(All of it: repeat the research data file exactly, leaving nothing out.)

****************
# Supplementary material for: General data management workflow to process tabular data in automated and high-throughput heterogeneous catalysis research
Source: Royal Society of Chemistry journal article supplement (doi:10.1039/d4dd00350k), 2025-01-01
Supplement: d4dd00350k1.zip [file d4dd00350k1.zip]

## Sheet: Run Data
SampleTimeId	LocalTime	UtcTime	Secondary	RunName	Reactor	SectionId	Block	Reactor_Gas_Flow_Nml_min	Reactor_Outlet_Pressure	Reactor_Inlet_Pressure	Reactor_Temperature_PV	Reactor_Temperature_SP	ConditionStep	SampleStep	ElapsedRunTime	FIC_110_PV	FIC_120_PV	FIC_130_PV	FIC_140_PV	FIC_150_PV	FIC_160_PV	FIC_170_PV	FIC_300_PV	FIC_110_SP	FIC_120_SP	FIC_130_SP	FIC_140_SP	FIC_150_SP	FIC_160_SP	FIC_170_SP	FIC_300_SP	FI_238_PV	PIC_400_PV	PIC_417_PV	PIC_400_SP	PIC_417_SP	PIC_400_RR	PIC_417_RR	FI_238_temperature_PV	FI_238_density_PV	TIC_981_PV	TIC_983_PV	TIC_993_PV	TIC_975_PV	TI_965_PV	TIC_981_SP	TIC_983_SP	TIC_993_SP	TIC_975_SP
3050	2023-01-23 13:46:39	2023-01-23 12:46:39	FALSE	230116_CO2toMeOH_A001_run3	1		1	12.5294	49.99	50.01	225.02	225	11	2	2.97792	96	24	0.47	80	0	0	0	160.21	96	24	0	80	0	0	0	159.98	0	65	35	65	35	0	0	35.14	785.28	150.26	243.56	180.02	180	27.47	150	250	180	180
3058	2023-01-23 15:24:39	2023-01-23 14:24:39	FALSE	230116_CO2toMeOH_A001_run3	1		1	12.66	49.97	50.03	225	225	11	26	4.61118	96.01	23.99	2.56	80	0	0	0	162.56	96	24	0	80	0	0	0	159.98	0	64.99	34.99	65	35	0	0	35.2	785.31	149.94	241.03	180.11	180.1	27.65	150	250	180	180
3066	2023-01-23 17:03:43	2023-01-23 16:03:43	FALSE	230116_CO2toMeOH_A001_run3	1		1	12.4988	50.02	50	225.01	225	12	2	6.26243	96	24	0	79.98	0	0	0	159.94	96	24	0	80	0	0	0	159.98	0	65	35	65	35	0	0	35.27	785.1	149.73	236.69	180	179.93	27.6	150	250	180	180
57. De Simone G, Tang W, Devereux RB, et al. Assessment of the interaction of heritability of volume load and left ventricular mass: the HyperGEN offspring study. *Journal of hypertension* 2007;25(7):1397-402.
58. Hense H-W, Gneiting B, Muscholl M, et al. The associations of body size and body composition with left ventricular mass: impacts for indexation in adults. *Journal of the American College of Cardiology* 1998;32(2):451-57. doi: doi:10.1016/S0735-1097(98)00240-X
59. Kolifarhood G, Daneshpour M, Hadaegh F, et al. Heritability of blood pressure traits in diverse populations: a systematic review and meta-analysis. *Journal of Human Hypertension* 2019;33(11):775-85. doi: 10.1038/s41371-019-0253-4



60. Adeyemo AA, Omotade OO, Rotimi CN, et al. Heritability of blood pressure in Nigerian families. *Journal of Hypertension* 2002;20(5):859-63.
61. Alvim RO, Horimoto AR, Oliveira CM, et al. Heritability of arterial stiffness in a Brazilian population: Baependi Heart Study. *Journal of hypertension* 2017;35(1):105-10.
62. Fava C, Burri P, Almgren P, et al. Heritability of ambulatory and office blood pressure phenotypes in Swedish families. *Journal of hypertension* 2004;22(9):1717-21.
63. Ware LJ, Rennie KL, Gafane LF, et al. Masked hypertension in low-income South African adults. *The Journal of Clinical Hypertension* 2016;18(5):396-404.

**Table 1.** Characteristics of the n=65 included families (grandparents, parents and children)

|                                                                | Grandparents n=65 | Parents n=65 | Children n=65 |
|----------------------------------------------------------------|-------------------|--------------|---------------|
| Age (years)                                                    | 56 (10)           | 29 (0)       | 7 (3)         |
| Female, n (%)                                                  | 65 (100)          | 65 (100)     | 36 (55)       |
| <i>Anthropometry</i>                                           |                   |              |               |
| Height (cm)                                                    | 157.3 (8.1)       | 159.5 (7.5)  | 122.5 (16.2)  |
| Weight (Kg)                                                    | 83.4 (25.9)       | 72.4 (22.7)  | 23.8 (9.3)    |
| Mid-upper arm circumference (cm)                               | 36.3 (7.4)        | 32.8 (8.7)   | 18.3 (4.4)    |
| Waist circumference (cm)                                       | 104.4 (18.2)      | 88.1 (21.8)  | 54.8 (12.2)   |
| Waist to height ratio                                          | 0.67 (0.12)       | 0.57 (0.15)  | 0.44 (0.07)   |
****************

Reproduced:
# Supplementary material for: General data management workflow to process tabular data in automated and high-throughput heterogeneous catalysis research
Source: Royal Society of Chemistry journal article supplement (doi:10.1039/d4dd00350k), 2025-01-01
Supplement: d4dd00350k1.zip [file d4dd00350k1.zip]

## Sheet: Run Data
SampleTimeId	LocalTime	UtcTime	Secondary	RunName	Reactor	SectionId	Block	Reactor_Gas_Flow_Nml_min	Reactor_Outlet_Pressure	Reactor_Inlet_Pressure	Reactor_Temperature_PV	Reactor_Temperature_SP	ConditionStep	SampleStep	ElapsedRunTime	FIC_110_PV	FIC_120_PV	FIC_130_PV	FIC_140_PV	FIC_150_PV	FIC_160_PV	FIC_170_PV	FIC_300_PV	FIC_110_SP	FIC_120_SP	FIC_130_SP	FIC_140_SP	FIC_150_SP	FIC_160_SP	FIC_170_SP	FIC_300_SP	FI_238_PV	PIC_400_PV	PIC_417_PV	PIC_400_SP	PIC_417_SP	PIC_400_RR	PIC_417_RR	FI_238_temperature_PV	FI_238_density_PV	TIC_981_PV	TIC_983_PV	TIC_993_PV	TIC_975_PV	TI_965_PV	TIC_981_SP	TIC_983_SP	TIC_993_SP	TIC_975_SP
3050	2023-01-23 13:46:39	2023-01-23 12:46:39	FALSE	230116_CO2toMeOH_A001_run3	1		1	12.5294	49.99	50.01	225.02	225	11	2	2.97792	96	24	0.47	80	0	0	0	160.21	96	24	0	80	0	0	0	159.98	0	65	35	65	35	0	0	35.14	785.28	150.26	243.56	180.02	180	27.47	150	250	180	180
3058	2023-01-23 15:24:39	2023-01-23 14:24:39	FALSE	230116_CO2toMeOH_A001_run3	1		1	12.66	49.97	50.03	225	225	11	26	4.61118	96.01	23.99	2.56	80	0	0	0	162.56	96	24	0	80	0	0	0	159.98	0	64.99	34.99	65	35	0	0	35.2	785.31	149.94	241.03	180.11	180.1	27.65	150	250	180	180
3066	2023-01-23 17:03:43	2023-01-23 16:03:43	FALSE	230116_CO2toMeOH_A001_run3	1		1	12.4988	50.02	50	225.01	225	12	2	6.26243	96	24	0	79.98	0	0	0	159.94	96	24	0	80	0	0	0	159.98	0	65	35	65	35	0	0	35.27	785.1	149.73	236.69	180	179.93	27.6	150	250	180	180
57. De Simone G, Tang W, Devereux RB, et al. Assessment of the interaction of heritability of volume load and left ventricular mass: the HyperGEN offspring study. *Journal of hypertension* 2007;25(7):1397-402.
58. Hense H-W, Gneiting B, Muscholl M, et al. The associations of body size and body composition with left ventricular mass: impacts for indexation in adults. *Journal of the American College of Cardiology* 1998;32(2):451-57. doi: doi:10.1016/S0735-1097(98)00240-X
59. Kolifarhood G, Daneshpour M, Hadaegh F, et al. Heritability of blood pressure traits in diverse populations: a systematic review and meta-analysis. *Journal of Human Hypertension* 2019;33(11):775-85. doi: 10.1038/s41371-019-0253-4



60. Adeyemo AA, Omotade OO, Rotimi CN, et al. Heritability of blood pressure in Nigerian families. *Journal of Hypertension* 2002;20(5):859-63.
61. Alvim RO, Horimoto AR, Oliveira CM, et al. Heritability of arterial stiffness in a Brazilian population: Baependi Heart Study. *Journal of hypertension* 2017;35(1):105-10.
62. Fava C, Burri P, Almgren P, et al. Heritability of ambulatory and office blood pressure phenotypes in Swedish families. *Journal of hypertension* 2004;22(9):1717-21.
63. Ware LJ, Rennie KL, Gafane LF, et al. Masked hypertension in low-income South African adults. *The Journal of Clinical Hypertension* 2016;18(5):396-404.

**Table 1.** Characteristics of the n=65 included families (grandparents, parents and children)

|                                                                | Grandparents n=65 | Parents n=65 | Children n=65 |
|----------------------------------------------------------------|-------------------|--------------|---------------|
| Age (years)                                                    | 56 (10)           | 29 (0)       | 7 (3)         |
| Female, n (%)                                                  | 65 (100)          | 65 (100)     | 36 (55)       |
| <i>Anthropometry</i>                                           |                   |              |               |
| Height (cm)                                                    | 157.3 (8.1)       | 159.5 (7.5)  | 122.5 (16.2)  |
| Weight (Kg)                                                    | 83.4 (25.9)       | 72.4 (22.7)  | 23.8 (9.3)    |
| Mid-upper arm circumference (cm)                               | 36.3 (7.4)        | 32.8 (8.7)   | 18.3 (4.4)    |
| Waist circumference (cm)                                       | 104.4 (18.2)      | 88.1 (21.8)  | 54.8 (12.2)   |
| Waist to height ratio                                          | 0.67 (0.12)       | 0.57 (0.15)  | 0.44 (0.07)   |